The Pursuit of Pseudoscience

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Since the days of cure-all elixirs that promised miraculous healing powers, people have been looking for immediate relief from their ailments. Who can blame them? Unfortunately, the desire to find a panacea often draws people to unreliable treatments.

"People want quick results, and they want them yesterday," says Jeffrey Lohr, Ph.D., professor of psychology at the University of Arkansas. "You can't fault people for wanting substantive relief, but you can fault the scientists who can't see through a worthless treatment."

Lohr is on a crusade to help clinical scientists identify bogus therapies, part of his job as president of the Science and Pseudoscience Review Special Interest Group of the Association for Advancement of Behavior Therapy. Most recently, he co-wrote an article in the Clinical Psychology Review on Eye Movement Desensitization and Reprocessing (EMDR). This treatment boasts not only liberation from post-traumatic stress disorder but also recovery in a matter of weeks. The therapy is based on research showing that rapid eye movement helps process memories. EMDR developers theorized that inducing rapid eye movements while a patient remembered a traumatic event would help the subject quickly process and come to grips with that memory.

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"EMDR is being touted as a breakthrough therapy," Lohr says. "But as more and more objective testing is performed, the treatment proves less and less effective,"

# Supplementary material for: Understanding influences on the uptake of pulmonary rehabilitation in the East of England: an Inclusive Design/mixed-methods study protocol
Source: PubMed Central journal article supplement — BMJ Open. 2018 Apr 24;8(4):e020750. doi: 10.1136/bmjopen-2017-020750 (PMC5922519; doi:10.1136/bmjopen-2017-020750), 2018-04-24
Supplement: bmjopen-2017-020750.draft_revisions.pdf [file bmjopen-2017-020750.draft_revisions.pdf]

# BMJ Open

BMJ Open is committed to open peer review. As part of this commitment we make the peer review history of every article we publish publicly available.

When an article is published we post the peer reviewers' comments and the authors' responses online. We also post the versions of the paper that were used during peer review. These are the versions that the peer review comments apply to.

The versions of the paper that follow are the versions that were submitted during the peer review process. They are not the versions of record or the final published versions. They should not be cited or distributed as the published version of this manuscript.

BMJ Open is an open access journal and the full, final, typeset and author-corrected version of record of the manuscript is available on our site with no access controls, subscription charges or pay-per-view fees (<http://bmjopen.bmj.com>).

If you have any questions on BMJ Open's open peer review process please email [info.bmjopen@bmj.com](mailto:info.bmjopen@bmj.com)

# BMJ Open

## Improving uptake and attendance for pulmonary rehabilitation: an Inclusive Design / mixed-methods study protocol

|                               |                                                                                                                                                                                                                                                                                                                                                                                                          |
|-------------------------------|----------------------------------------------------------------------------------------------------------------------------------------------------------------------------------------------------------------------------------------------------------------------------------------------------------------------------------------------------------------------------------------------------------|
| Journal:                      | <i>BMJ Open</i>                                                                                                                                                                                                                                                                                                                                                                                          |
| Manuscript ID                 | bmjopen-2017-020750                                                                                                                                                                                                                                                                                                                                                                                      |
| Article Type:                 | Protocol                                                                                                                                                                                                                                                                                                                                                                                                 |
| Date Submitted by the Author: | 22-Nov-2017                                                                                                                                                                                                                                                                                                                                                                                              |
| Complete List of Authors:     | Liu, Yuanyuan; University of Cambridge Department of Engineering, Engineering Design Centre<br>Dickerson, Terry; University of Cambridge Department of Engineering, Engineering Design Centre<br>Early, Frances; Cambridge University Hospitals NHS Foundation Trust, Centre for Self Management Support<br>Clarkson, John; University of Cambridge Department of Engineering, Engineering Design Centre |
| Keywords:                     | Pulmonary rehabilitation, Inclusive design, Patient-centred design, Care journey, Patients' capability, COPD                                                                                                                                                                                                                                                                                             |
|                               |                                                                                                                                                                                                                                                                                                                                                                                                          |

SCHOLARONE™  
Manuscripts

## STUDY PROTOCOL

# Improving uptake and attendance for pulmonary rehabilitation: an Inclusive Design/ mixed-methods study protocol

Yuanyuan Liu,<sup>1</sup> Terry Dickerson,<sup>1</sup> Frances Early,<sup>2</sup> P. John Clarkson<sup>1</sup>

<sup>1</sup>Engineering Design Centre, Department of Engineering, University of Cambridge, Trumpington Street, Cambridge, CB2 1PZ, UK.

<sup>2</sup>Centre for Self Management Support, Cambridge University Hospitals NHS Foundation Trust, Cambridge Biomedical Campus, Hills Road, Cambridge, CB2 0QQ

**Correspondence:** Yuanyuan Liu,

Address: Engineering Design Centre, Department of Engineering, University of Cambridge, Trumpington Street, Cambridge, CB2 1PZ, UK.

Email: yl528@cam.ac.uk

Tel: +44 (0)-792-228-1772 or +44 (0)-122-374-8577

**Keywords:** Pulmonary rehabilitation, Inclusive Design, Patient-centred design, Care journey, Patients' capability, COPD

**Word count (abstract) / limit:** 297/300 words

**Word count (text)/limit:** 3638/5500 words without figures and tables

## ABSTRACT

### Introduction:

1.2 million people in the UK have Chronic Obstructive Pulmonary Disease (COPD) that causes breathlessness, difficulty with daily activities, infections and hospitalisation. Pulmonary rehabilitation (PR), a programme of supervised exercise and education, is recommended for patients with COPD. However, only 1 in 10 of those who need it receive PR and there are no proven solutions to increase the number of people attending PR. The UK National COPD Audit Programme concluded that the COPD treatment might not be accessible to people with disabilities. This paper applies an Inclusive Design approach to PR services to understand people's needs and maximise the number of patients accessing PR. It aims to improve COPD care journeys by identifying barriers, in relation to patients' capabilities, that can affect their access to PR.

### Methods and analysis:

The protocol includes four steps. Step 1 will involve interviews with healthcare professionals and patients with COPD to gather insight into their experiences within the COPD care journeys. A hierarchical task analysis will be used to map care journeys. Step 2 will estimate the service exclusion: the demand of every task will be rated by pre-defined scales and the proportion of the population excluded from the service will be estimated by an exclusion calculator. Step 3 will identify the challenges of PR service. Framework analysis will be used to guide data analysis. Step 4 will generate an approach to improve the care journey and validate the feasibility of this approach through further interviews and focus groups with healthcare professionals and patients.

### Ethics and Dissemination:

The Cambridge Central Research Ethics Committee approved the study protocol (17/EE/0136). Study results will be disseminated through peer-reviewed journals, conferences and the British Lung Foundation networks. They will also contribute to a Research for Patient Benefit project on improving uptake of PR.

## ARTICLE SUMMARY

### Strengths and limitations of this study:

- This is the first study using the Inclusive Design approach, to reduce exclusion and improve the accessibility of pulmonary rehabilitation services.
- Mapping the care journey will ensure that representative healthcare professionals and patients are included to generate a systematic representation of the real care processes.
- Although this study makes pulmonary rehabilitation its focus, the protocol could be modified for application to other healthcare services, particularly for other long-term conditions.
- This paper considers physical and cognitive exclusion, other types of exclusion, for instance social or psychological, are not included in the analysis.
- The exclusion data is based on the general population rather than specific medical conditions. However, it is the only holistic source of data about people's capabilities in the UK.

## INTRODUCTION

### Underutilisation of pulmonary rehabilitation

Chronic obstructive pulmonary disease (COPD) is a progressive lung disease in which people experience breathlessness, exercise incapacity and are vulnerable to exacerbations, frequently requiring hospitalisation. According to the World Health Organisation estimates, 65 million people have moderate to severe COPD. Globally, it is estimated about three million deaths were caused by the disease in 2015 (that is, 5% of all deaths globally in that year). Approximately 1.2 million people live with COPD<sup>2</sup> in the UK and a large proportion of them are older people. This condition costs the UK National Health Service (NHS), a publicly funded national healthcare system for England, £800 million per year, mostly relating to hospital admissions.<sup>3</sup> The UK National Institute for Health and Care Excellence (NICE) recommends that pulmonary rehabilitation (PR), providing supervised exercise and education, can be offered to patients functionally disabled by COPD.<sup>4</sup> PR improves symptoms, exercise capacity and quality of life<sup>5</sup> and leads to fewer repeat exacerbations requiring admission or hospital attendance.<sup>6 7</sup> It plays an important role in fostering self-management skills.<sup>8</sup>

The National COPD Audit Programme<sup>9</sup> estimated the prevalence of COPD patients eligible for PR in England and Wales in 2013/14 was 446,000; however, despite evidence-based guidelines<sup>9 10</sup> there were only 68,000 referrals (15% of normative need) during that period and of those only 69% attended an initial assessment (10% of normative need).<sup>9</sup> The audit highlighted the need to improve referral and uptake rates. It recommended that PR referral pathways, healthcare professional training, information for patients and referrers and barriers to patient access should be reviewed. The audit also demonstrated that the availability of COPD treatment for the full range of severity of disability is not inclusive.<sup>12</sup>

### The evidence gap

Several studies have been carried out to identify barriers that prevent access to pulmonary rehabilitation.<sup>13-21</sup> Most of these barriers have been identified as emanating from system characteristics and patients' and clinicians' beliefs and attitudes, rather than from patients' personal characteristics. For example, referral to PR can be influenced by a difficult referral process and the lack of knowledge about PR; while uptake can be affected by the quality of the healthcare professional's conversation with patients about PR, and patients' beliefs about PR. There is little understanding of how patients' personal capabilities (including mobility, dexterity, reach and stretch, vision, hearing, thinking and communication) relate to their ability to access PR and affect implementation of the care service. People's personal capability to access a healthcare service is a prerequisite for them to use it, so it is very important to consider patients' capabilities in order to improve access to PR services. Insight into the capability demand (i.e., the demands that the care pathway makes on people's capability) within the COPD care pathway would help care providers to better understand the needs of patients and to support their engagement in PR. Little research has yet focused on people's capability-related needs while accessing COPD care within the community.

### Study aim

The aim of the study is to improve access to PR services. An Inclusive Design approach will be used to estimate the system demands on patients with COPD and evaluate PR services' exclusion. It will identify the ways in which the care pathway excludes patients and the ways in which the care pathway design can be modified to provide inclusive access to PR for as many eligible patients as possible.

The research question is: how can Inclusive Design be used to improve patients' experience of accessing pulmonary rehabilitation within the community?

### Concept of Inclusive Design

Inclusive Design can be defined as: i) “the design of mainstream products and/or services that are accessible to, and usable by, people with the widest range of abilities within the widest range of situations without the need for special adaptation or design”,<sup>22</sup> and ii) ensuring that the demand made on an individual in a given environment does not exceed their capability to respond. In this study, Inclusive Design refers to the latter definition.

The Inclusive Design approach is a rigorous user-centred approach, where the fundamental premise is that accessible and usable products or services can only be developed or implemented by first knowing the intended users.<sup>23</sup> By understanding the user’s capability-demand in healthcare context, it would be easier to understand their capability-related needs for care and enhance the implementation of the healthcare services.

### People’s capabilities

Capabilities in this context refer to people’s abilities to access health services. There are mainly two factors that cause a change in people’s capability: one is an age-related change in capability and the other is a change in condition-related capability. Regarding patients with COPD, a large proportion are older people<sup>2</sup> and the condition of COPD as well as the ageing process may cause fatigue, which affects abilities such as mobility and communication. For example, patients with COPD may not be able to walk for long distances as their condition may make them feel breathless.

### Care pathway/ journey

Gimmicks set pseudoscience apart from empirically supported treatments. Scott Lilenfeld, Ph.D., founding editor of Scientific Review of Mental Health Practice, a new journal scheduled to appear in late 2001, has developed a keen eye for unsubstantiated treatments.

"You can usually tell [what is pseudoscience] because there's a lot of marketing around these treatments," he says, "but there's no controlled evidence. Support consists of almost all anecdotes and personal testimony"

Lilenfeld cites Rebirthing Therapy, a controversial procedure that aims to heal painful memories by physically recreating the birthing process. The treatment proved lethal to 10-year-old Candace Newmaker in Colorado last year. She suffocated as her body was pushed against pillows and wrapped in blankets to simulate the womb.

"There's no evidence whatsoever that this works" says Lilenfeld. "We know for a fact that individuals cannot remember anything before age 2"

By promoting solid research and questioning shaky--and potentially deadly--theories, Lilenfeld and Lohr hope to build a base for better research. "We have to train good clinical scientists," Lohr says. "And to do that, we need to know what bad clinical science is.

"Eventually," says Lohr, "people can avail themselves of services based on the best treatments and get better."

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